By Dave Pehling
SAN FRANCISCO (CBS SF) — One of the most influential singer-songwriters of the ’60s pays a visit to San Francisco this weekend when Rock and Roll Hall of Fame inductee David Crosby brings his current band to the Great American Music Hall Sunday.
Born to a well-heeled Los Angeles family (both parents parents were descended from prominent Dutch families and father Floyd Crosby was an award-winning cinematographer), Crosby starred in school musicals, but struggled academically as a youth. Dropping out of community college after a short period studying drama, he soon lit out for New York City to pursue a career in music.
He became part of the Greenwich Village coffee house circuit, singing with Les Baxter’s Balladeers, a group assembled by the noted lounge/exotica bandleader and composer. Finding the outfit too conservative for his liking, Crosby eventually headed back to his hometown and immersed himself in the LA folk scene. He connected with fellow songwriters Jim (later Roger) McGuinn and Gene Clark in the group the Jet Set, a band would transform into the Byrds in late 1964.
With their soaring vocal harmonies and McGuinn’s ringing 12-string guitar, the quartet would become the biggest band to emerge from Southern California since the Beach Boys. Scoring hits like their revamped folk-rock version of Bob Dylan’s “Mr. Tambourine Man” (a song they heard prior to its public release when their manager got an acetate copy for the band to hear), a cover of Pete Seger’s “Turn Turn Turn” and the psychedelic, raga-influenced “Eight Miles High,” the Byrds became one of the band’s to usher a new rock sound that would explode in 1967 during the Summer of Love.
Friction between members led to Crosby’s acrimonious departure from the Byrds that year, but not before the band played the seminal Monterey Pop Festival where the guitarist also ended up playing with fellow LA band Buffalo Springfield, filling in for an absent Neil Young. A developing friendship with Springfield member Stephen Stills would lead to the next chapter of Crosby’s storied career.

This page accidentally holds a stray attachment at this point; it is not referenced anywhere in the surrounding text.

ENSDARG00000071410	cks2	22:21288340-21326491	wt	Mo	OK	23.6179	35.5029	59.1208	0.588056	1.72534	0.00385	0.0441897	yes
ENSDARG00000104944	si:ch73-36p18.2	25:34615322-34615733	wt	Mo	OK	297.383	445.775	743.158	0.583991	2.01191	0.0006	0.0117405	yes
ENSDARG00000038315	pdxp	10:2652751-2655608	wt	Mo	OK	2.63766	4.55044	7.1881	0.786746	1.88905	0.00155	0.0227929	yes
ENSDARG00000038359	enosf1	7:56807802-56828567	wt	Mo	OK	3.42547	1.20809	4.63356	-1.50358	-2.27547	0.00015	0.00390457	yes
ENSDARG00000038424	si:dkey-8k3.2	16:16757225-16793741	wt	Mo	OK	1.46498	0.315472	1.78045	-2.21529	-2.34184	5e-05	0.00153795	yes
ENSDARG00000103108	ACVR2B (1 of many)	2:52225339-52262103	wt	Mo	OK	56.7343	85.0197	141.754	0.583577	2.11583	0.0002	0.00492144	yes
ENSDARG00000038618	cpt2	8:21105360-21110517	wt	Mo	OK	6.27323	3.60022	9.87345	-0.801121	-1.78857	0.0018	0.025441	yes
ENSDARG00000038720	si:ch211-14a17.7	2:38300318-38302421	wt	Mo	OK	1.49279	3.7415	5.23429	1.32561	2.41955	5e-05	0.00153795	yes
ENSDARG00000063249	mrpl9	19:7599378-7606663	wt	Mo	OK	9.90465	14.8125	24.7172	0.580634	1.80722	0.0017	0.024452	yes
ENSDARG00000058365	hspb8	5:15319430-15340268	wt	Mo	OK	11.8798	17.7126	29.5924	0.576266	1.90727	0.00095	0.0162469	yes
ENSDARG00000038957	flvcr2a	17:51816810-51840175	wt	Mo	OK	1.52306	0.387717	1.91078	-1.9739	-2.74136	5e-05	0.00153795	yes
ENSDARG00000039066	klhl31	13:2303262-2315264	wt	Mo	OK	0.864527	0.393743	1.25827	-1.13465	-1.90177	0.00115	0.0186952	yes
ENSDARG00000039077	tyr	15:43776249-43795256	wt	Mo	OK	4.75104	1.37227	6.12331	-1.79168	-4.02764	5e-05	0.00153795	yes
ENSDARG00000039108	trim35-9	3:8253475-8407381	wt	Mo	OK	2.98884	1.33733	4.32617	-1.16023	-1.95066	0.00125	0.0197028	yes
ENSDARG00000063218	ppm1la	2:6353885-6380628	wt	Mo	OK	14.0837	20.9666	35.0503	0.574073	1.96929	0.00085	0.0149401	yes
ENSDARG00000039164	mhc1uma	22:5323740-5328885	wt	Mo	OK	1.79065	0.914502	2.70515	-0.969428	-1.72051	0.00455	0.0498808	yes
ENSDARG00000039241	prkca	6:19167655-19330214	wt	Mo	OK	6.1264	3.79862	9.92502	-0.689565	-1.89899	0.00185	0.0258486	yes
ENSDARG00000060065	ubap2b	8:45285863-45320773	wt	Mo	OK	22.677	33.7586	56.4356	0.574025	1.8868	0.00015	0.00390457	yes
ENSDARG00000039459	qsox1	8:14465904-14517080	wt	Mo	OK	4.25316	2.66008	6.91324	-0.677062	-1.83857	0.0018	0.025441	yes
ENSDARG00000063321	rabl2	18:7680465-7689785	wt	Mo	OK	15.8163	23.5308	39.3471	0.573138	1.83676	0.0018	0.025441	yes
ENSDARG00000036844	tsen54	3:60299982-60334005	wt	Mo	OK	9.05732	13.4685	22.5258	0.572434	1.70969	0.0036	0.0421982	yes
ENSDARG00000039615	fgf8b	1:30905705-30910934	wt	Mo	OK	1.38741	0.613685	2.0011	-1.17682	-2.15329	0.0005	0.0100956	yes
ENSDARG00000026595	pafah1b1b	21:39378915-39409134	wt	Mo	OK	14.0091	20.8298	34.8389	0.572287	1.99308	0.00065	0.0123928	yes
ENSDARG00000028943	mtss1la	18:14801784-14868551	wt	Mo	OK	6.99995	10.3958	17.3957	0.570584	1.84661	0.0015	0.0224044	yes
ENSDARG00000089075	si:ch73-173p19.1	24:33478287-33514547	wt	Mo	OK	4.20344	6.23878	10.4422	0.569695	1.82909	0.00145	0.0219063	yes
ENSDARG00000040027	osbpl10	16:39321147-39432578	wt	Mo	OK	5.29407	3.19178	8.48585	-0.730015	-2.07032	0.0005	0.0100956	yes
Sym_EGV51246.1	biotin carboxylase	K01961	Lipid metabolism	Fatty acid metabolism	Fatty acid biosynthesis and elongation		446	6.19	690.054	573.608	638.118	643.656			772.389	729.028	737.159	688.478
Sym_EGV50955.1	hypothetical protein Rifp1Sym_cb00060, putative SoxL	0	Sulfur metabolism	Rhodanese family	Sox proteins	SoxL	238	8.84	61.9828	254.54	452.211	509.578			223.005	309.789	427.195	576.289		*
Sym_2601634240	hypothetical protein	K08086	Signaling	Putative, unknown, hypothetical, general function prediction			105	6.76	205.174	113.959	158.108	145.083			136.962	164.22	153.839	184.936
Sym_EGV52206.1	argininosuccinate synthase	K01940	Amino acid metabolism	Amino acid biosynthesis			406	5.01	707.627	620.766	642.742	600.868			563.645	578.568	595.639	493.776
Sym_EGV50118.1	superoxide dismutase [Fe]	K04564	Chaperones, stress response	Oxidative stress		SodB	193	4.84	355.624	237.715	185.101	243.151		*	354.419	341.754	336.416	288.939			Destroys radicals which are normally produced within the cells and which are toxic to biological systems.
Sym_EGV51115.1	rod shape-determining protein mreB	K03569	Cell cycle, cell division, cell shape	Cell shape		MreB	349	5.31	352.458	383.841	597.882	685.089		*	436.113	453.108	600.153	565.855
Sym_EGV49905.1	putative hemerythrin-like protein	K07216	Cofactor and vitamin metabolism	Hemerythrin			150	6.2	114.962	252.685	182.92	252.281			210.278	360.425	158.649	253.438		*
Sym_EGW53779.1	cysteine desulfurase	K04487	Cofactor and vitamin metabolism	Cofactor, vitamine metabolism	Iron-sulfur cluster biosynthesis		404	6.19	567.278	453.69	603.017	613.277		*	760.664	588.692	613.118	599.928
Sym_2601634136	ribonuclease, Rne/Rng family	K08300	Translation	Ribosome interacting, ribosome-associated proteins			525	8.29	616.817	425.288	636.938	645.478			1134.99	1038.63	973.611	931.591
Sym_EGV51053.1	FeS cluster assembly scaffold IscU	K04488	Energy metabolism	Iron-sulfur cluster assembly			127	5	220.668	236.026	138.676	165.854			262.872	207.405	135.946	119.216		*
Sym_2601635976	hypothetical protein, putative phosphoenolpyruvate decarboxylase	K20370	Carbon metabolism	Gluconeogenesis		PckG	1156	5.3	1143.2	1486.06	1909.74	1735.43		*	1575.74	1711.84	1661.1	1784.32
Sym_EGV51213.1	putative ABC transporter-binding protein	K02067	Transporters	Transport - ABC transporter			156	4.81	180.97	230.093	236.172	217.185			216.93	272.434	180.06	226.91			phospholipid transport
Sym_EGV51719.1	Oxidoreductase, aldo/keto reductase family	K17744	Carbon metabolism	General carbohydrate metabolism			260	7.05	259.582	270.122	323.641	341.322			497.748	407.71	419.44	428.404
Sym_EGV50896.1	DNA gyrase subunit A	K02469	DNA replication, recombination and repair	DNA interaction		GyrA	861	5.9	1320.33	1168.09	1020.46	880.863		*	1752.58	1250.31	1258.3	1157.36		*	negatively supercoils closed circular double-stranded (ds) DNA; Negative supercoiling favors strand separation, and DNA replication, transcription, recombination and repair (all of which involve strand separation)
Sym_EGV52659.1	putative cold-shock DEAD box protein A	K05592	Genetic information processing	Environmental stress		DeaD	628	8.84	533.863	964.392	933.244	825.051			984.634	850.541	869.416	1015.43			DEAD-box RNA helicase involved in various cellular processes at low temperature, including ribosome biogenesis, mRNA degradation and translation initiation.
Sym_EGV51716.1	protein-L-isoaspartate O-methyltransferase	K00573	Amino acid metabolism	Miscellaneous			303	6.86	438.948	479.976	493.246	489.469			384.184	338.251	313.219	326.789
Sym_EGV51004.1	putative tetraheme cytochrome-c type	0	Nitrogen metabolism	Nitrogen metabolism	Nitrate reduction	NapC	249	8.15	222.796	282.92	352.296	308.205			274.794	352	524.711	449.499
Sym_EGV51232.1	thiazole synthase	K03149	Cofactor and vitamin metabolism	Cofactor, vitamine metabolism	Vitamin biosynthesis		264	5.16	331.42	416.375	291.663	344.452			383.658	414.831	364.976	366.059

Jamming with Stills and British musician Graham Nash (formerly of the Hollies), the trio of talented songwriters formed what some would describe as the first “supergroup,” playing their second ever public performance in front of a huge crowd at Woodstock in the summer of 1969. At that point, the group’s eponymous debut Crosby, Stills & Nash had already become a commercial smash with Crosby-penned tunes including “Guinnevere” and the politically charged “Long Time Gone” earning heavy FM radio airplay.
The group — which officially grew to include Neil Young for the following year’s massive hit Deja Vu — would prove a volatile one despite the enormous commercial success. Even with time set aside for the individual members to pursue other projects (Crosby’s acclaimed solo debut If I Only Could Remember My Name in 1971 still stands as one of the best of the members’ early efforts), Crosby, Stills, Nash & Young would only produce the live concert document Four Way Street until all four members reconciled to reunite to record again in the late ’80s.
The members would pair off during the split, with Crosby and Nash touring and recording while Stills and Young focused on their solo careers when not working together through much of the ’70s until CSN released their second self-titled trio effort in 1977. The band would tour consistently through the following decade, though at times their activity was curtailed by Crosby’s growing drug and legal problems. It would not be until after several stints in jail and rehab that Crosby would emerge clean in time for the 1988 CSNY reunion album American Dream.
Since then, the songwriter has stayed busy with solo works and tours with both CSN and CSNY as well as an eight-year collaboration in the trio CPR with his son, keyboard player James Raymond, and session guitarist Jeff Pevar. Though some interviews with members of Crosby, Stills, Nash & Young indicated that neither band was likely to perform together again, just this week there were rumblings of another CSNY reunion to protest the current Trump administration.
The 75-year-old Crosby brings his current solo tour with a six-member band featuring Raymond and Pevar to the Great American Music Hall Sunday night, playing hits from throughout his career along with tunes from his latest album, the stripped-down collection Lighthouse released late last year on independent label GroundUP.
Sunday, April 30, 6:30 p.m. $60
Great American Music Hall